'Outlander' Team Explains Those Emotional Goodbyes

Executive producer Maril Davis and stars Caitriona Balfe, Sophie Skelton and Richard Rankin discuss the major events in "Of Lost Things."
Aimee Spinks/Starz

[Warning: This story contains spoilers from Sunday's episode of Outlander, "Of Lost Things."]

Jamie (Sam Heughan) and Claire (Caitriona Balfe) are so close and yet so far from reuniting on Starz's Outlander.

During Sunday's episode, Claire, Brianna (Sophie Skelton) and Roger (Richard Rankin) — in Scotland in 1968 — finally found what they were looking for: evidence that Jamie survived the Battle of Culloden. They tracked his whereabouts to Ardsmuir Prison, but without any additional evidence of where Jamie went after it closed, Claire and Brianna were forced to give up their search for the Highlander and return to the States.

That goodbye was even more difficult for Bree and Roger, who had just begun to grow closer during the tumultuous time in their lives. They finally shared their first kiss. But as the hunt for Jamie dried up, so did any chance of continuing to see where their relationship would lead.

Meanwhile, back in his own time — unbeknownst to Claire, Bree and Roger — Jamie found a new life for himself after Ardsmuir Prison was shuttered. He was working as a groom at the Dunsany Manor, earning money to send to his family in Scotland. All seemed to be (finally) working out for him until the eldest Dunsany daughter, Geneva (Hannah James), took an interest in him. Betrothed to marry an older lord, she was determined to first have Jamie take her virginity. Using information about his real identity and family, she blackmailed him into sleeping with her — and (unfortunately) got pregnant. Geneva died in childbirth, but gave birth to a boy, William.

However, the lord she married was enraged after she died — apparently they never slept together so he knew the child wasn't his. Jamie wound up killing the lord after he attempted to kill his son. The Dunsany family in turn gave Jamie his freedom, but he opted to stay and continue to earn money for his family. The only issue was that Willie began to resemble Jamie too much as he got older and, in a bid to ensure his son had a good life and inherited the late lord's wealth, Jamie finally left to return home to Lallybroch. John Grey (David Berry) promised Jamie that he would continue to care for his son in Jamie's absence.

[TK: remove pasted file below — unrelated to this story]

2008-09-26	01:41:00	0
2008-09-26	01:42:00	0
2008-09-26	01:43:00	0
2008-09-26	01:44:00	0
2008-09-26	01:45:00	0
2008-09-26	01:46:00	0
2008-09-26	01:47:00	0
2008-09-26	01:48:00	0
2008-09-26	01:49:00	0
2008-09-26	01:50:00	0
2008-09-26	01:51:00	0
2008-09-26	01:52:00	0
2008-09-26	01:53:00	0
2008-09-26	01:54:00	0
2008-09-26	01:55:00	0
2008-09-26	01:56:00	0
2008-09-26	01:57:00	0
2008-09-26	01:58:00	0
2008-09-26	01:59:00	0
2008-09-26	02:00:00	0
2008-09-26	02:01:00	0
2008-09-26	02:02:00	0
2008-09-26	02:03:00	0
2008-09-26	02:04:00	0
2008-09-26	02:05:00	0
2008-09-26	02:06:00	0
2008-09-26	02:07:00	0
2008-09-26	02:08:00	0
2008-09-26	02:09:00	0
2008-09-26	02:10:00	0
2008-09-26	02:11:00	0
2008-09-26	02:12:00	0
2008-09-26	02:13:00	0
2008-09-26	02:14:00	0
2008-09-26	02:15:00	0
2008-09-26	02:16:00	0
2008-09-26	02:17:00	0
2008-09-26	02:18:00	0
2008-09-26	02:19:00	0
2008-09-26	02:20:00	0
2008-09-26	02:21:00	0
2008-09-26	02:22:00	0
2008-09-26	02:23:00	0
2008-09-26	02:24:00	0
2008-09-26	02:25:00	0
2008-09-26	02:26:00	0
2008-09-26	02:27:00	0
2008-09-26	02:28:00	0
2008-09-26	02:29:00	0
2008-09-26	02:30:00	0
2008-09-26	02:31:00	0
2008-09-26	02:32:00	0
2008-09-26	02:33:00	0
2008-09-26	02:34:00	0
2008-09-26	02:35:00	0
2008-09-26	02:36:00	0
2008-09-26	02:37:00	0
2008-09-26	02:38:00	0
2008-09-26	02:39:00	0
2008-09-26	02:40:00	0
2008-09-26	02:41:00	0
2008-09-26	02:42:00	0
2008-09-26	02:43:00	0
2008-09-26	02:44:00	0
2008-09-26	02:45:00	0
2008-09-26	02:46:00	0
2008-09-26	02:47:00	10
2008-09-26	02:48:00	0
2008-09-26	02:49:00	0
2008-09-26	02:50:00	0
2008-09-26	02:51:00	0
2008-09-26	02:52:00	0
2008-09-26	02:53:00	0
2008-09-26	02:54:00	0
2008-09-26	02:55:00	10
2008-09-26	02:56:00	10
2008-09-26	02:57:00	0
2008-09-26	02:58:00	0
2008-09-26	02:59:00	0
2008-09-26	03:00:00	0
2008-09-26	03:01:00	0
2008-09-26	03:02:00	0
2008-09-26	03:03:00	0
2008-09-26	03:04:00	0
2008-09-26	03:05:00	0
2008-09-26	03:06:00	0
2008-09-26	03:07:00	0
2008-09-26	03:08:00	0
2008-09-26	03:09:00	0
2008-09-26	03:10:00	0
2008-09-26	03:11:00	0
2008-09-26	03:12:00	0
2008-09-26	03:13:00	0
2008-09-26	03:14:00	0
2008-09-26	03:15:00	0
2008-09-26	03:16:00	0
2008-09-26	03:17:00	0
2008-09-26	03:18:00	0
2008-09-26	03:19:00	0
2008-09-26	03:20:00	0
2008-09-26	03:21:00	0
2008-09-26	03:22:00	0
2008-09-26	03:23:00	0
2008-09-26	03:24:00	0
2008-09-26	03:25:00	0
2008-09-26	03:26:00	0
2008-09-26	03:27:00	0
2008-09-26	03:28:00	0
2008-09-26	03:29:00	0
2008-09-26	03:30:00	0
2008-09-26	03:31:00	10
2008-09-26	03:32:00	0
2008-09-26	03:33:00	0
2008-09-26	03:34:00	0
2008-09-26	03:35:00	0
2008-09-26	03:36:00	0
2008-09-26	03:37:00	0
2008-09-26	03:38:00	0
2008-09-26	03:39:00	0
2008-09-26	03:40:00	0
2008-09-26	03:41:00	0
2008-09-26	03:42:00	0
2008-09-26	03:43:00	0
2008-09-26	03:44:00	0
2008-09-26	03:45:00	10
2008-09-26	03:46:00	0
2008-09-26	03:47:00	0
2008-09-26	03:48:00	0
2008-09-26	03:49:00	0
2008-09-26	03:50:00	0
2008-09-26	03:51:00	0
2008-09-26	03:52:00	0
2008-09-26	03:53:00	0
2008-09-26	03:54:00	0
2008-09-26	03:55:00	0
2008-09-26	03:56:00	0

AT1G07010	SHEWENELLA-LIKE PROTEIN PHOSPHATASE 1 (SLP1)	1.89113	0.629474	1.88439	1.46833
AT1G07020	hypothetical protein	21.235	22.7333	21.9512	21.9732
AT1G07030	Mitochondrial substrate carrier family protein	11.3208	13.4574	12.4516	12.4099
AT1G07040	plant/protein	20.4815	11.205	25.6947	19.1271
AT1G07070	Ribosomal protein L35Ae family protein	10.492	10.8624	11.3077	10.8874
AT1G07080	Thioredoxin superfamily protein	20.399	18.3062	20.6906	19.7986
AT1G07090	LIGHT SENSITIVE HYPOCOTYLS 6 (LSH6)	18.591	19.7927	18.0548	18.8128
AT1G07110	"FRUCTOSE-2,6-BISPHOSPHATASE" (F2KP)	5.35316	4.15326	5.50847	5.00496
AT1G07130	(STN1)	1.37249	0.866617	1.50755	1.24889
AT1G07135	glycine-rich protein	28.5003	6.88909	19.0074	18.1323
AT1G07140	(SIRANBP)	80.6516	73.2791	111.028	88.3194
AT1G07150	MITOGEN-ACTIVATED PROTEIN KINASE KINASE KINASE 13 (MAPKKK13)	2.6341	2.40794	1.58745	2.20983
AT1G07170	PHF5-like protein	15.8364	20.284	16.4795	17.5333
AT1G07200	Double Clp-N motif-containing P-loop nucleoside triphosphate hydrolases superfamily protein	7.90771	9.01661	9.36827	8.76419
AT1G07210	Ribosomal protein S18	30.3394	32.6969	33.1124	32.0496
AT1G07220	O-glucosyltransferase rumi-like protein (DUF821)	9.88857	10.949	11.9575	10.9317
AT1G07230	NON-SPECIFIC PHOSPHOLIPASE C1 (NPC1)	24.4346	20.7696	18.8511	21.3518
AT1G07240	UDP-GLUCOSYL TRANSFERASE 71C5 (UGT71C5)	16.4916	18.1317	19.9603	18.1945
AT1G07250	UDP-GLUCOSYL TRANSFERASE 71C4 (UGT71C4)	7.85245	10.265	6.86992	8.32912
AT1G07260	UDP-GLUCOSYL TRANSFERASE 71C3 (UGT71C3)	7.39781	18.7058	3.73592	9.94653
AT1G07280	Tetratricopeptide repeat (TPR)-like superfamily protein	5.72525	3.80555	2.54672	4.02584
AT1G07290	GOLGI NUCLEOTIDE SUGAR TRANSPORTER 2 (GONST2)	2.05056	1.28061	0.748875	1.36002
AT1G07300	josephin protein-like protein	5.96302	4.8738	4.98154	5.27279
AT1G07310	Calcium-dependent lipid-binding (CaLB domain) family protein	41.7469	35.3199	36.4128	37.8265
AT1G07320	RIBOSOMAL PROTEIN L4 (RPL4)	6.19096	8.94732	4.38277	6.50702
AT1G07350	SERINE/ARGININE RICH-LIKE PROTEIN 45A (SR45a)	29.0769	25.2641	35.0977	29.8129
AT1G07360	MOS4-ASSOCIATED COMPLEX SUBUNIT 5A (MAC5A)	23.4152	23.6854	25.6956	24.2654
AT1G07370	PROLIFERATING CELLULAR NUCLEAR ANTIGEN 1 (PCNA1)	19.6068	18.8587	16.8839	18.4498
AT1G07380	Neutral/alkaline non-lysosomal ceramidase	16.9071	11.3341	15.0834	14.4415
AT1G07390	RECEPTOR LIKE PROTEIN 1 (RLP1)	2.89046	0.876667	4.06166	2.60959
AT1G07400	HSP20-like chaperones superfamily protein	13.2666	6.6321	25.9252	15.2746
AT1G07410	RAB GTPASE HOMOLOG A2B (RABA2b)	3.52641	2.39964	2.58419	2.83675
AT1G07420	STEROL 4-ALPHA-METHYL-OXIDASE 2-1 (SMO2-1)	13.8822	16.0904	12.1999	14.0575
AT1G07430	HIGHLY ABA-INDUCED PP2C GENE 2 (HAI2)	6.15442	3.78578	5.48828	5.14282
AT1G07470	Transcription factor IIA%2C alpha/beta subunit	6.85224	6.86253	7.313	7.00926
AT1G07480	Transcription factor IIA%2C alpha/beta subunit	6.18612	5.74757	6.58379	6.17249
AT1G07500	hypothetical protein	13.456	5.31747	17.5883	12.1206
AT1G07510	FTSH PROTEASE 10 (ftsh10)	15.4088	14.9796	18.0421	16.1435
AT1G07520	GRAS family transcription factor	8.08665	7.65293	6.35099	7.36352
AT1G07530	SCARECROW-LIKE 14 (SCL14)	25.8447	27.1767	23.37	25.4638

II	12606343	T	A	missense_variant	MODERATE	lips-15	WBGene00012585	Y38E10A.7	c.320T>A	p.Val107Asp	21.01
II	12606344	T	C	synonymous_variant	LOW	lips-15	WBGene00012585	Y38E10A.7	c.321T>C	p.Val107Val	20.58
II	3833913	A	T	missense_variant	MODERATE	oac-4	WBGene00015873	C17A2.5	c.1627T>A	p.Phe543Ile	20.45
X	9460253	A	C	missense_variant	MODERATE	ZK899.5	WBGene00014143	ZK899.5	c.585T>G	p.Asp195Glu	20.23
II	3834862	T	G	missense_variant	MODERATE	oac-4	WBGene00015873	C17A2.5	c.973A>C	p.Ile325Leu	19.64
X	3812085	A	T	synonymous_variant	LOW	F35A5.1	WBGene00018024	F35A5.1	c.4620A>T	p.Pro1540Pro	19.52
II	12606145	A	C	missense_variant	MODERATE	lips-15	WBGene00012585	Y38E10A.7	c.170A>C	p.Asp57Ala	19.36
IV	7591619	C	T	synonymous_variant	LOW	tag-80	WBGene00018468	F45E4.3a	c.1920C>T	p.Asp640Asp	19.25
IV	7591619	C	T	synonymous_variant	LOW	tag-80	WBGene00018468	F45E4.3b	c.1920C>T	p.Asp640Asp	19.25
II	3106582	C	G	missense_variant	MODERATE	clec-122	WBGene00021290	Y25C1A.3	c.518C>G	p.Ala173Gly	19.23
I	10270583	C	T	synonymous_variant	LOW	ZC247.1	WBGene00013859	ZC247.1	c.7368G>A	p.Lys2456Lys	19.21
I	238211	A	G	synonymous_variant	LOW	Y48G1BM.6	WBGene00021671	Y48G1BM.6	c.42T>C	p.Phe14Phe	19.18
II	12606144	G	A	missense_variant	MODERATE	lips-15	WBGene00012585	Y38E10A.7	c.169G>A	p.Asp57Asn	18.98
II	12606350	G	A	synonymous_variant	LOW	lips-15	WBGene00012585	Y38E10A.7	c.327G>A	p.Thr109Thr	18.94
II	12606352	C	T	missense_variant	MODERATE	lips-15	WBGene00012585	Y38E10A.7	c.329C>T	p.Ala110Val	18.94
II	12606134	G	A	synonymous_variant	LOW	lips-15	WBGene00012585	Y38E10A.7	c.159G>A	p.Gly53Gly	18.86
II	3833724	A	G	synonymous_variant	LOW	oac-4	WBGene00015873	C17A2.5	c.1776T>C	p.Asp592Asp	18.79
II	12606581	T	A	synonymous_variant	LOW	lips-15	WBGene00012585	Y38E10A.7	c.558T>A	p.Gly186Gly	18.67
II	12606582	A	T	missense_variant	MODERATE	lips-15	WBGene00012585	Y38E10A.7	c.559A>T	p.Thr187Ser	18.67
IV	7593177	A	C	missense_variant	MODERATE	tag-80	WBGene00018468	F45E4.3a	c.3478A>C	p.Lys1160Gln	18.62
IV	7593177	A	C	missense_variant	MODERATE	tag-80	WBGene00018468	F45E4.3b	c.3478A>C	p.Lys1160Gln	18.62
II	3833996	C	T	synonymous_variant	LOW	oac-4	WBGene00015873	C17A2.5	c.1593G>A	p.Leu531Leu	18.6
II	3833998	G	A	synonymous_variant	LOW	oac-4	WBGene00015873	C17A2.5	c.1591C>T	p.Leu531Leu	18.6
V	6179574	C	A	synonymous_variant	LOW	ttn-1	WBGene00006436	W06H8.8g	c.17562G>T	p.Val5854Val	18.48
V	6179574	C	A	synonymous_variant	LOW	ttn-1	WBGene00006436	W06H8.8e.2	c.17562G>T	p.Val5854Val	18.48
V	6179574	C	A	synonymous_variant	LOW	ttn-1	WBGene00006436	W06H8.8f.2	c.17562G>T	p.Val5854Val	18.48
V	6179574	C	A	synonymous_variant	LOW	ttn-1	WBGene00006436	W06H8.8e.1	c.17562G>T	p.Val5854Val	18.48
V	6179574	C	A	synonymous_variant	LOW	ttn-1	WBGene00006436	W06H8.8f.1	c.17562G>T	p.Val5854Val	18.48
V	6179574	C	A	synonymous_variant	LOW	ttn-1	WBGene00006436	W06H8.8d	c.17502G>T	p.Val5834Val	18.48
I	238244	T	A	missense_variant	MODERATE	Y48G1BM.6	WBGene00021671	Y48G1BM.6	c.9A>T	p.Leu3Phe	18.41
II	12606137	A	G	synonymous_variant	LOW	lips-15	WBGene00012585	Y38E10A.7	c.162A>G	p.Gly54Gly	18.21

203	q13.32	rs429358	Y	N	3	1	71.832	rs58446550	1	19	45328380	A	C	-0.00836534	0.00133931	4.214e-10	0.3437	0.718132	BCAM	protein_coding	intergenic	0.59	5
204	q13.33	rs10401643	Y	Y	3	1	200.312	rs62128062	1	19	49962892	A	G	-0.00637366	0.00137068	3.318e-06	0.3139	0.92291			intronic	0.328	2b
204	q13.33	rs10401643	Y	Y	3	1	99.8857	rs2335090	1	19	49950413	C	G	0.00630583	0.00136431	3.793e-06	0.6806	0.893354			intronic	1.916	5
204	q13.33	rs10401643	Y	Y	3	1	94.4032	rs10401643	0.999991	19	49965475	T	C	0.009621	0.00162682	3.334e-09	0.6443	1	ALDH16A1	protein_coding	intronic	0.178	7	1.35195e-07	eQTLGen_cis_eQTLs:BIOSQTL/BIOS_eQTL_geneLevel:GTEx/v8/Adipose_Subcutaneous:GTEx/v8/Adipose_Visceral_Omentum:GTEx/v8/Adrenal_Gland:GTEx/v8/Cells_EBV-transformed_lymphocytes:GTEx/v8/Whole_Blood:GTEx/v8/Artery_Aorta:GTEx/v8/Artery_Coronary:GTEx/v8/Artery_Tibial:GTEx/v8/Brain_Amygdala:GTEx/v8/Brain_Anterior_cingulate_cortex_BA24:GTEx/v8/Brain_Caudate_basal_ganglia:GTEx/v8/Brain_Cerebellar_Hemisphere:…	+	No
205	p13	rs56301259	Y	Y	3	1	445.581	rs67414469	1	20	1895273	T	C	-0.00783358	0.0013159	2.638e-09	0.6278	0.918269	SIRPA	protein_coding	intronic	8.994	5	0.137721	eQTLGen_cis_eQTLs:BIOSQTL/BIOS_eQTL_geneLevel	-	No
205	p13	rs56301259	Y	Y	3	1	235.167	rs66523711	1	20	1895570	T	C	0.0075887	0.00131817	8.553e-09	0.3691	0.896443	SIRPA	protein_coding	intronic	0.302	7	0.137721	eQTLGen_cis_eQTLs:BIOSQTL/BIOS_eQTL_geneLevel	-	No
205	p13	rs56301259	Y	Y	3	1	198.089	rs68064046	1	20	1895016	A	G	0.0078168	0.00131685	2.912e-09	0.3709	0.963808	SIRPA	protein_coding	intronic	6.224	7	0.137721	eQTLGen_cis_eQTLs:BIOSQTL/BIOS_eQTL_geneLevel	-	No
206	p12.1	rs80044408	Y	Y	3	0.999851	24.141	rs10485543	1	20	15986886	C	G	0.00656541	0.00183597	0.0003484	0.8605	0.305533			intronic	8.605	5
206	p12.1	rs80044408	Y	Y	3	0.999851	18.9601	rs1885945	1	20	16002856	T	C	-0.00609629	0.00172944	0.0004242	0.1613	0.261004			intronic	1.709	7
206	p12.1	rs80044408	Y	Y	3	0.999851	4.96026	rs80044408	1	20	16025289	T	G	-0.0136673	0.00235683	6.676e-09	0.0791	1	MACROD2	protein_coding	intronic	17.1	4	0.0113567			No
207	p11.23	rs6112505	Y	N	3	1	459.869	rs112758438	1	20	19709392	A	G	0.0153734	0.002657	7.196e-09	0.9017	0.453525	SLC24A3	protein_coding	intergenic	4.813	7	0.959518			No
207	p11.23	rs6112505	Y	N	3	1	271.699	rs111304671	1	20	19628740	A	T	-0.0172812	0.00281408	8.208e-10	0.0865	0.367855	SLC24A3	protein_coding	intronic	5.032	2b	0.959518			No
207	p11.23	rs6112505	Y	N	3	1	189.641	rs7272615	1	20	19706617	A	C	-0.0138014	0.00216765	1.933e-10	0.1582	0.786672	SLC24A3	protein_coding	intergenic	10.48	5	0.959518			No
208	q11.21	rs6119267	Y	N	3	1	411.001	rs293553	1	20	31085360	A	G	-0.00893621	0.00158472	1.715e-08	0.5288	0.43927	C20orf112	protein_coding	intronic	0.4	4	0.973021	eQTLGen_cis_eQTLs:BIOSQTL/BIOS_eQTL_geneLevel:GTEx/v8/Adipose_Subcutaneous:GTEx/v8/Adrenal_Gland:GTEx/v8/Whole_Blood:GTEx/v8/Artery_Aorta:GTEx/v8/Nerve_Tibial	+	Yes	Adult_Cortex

The emotional episode ended on a powerful note, as a cover of Bob Dylan's "A Hard Rain's A-Gonna Fall" played over Jamie and Claire both saying goodbye to someone they love. Jamie said his farewell to Willie, the only child he'd ever known, while Claire said hers to the hope of ever finding Jamie again.

The Hollywood Reporter sat down with executive producer Maril Davis and stars Balfe, Skelton and Rankin to break down that sad ending, as well as where Outlander goes from here.

Claire and Jamie's stories were juxtaposed in such a heartbreaking way by the end of this episode. Why did you choose to put those two moments together?

Davis: Not everything lines up perfectly in their two stories, but we always try to have some moment in each episode line up. When Frank [Tobias Menzies] dies, in a strange way Claire is released from a prison of this marriage, this marriage of convenience, and Jamie at the same time is leaving Ardsmuir. At the end of this episode, we don’t usually use songs in our show very much. The first was at the end of season two, but [producer] Toni Graphia came up with this idea of this song and it's an old Bob Dylan song. We ended up finding a version where it was sung by a man and a woman. Seeing as how we are watching Jamie and Claire both leaving places and wrapping up their journeys in some way, and then hearing that powerful song, it was so powerful and such a unique way to end those separate journeys. It's the last time we see them make major decisions before we see them reunited again.